is less popular than it deserves. This is first-class Debussy. Originally, the composer wrote this music to accompany recitation of the “Bilitis” poems by Pierre Louÿs. Much later he reworked it for piano four hands. The suite was orchestrated by Ansermet and I love that version. However, the same thing happens here as with Mussorgsky’s Pictures At An Exhibition: while the orchestration may dazzle with sheer opulence of color, the piano version dazzles with the thought “How could he do the same with just a piano?” The dark sensual character of the poems is reflected in the music. The titles (such as “That the night may be propitious”) are not really important: just read through them to get into the mood. These images carry a noble patina and the music speaks in hushed voices. Diaphanous veils sway in the darkness, and subtly slightly discernible scents float on the breeze. This ancient perfumed atmosphere is sustained across each of these six pieces.
The first two works on the disc - as well as the last - could tolerate a drier, more percussive sound, and even benefit from it. When it comes to Debussy, we encounter quite a different sound-world, and the performers adapt their tone admirably. Their touch is soft, their pace dreamy, they breathe the fragrance and walk on cat’s paws, in a very stylishly Debussian manner.
Stravinsky’s Rite of Spring was originally composed for piano four hands and then orchestrated by the composer, so we actually hear the original version here. It is less colorful than the “customary” orchestral version, but the effect is no less profound. The intrinsic rhythmic details are more starkly exposed in the more percussive piano presentation. It makes for interesting listening and, in this performance, it’s certainly gripping. ZOFO play with raw power and high voltage. The “fast and furious” places like the ending of the First Part are very impressive. Some of the more “slow and mystic” episodes such as the beginning of the Second Part, lack mystery and are weak in tension. Others, like Ritual Action of the Ancestors, are eerie and enthralling. One problem I have with this performance is the evenness of the dynamic level: some parts, like the Sacrificial Dance, are too even dynamically, just loud and loud and loud. This may be the result of technical recording decisions: it is very close, so it is difficult to distinguish between the “Fifty Shades of Loud”. For comparison, the recording made by the York2 duo is less percussive and more atmospheric, more remotely recorded and as a consequence more scenic; after all, this is a ballet. ZOFO’s grand piano sound is reverberant, sometimes ringing, never neutral; this creates a less natural feeling. Where the Yorks mesmerize, the ZOFO astonish. As a result, in the Yorks’ hands the result is more listenable and there is no danger of the percussive keyboard impacts getting on your nerves.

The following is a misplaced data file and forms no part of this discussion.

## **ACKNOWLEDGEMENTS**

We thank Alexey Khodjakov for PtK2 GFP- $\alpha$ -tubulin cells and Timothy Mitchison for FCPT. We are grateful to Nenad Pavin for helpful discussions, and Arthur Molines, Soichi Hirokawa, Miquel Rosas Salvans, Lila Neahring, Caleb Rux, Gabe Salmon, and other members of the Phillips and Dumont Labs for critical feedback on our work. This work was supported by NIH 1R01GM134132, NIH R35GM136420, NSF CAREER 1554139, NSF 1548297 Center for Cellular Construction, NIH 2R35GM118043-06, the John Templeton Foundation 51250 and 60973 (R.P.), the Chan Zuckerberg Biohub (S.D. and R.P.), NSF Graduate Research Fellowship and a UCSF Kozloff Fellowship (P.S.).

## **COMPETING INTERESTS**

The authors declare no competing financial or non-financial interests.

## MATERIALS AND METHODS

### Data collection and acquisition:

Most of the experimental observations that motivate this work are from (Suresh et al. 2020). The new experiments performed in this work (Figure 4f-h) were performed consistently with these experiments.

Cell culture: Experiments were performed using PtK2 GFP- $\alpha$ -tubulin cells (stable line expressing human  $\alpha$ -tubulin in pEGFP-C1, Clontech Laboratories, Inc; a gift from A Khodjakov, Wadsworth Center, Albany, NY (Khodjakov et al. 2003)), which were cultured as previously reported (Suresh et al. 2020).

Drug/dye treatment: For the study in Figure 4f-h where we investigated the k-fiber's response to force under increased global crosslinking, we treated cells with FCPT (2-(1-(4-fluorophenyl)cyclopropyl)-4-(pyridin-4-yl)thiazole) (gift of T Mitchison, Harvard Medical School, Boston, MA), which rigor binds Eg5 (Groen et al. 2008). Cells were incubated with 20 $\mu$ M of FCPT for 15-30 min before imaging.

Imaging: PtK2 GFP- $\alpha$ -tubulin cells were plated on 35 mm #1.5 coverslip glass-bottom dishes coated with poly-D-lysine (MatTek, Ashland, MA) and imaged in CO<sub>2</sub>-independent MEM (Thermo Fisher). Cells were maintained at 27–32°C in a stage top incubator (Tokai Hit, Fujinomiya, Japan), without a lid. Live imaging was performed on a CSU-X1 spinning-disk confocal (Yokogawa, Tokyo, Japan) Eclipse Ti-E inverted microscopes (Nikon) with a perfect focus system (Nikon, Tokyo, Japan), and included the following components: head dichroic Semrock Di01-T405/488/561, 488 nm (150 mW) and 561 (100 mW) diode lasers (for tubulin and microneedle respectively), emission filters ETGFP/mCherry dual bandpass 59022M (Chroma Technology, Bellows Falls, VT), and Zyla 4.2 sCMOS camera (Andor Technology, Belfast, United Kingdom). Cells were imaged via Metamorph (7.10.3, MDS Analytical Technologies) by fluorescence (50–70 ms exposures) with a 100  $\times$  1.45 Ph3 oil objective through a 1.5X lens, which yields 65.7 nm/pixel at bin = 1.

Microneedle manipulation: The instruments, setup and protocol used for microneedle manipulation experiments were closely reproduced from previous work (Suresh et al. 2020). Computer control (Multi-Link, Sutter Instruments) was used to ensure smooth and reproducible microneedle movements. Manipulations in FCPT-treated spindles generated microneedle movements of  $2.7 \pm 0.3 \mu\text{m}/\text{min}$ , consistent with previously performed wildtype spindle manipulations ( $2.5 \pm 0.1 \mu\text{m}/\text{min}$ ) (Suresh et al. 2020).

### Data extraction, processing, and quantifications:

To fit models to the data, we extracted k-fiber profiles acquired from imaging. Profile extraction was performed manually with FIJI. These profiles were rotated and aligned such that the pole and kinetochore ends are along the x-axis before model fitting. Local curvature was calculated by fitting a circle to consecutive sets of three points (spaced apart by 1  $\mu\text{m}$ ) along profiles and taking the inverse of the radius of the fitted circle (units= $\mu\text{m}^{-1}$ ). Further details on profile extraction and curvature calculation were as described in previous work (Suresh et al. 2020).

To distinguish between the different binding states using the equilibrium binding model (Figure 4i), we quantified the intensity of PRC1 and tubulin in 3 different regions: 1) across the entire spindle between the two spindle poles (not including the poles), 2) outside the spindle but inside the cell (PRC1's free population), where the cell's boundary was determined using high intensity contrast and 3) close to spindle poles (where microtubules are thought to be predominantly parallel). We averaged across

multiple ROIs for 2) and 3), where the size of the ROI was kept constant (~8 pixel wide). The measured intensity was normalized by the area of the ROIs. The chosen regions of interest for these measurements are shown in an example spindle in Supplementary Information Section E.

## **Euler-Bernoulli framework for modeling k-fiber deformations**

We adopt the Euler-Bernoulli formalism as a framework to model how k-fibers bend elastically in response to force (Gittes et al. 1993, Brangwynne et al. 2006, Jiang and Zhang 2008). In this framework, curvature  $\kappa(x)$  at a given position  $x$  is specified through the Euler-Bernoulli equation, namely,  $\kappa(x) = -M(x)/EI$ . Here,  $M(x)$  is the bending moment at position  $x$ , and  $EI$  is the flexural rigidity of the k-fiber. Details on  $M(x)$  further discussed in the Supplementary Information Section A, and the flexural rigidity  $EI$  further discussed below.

Overall, this is a very good disc. The four diverse works sound well together. The recording is very close and detailed, which works to the good for the more introvert Debussy and Shapero, but is sometimes over the top in the more energetic Bernstein and Stravinsky. Anyway, I wish them luck in the Grammy stakes, and will look out for other records by these spectacular four hands. 

Oleg Ledeniov 

Masterwork Index: Rite of Spring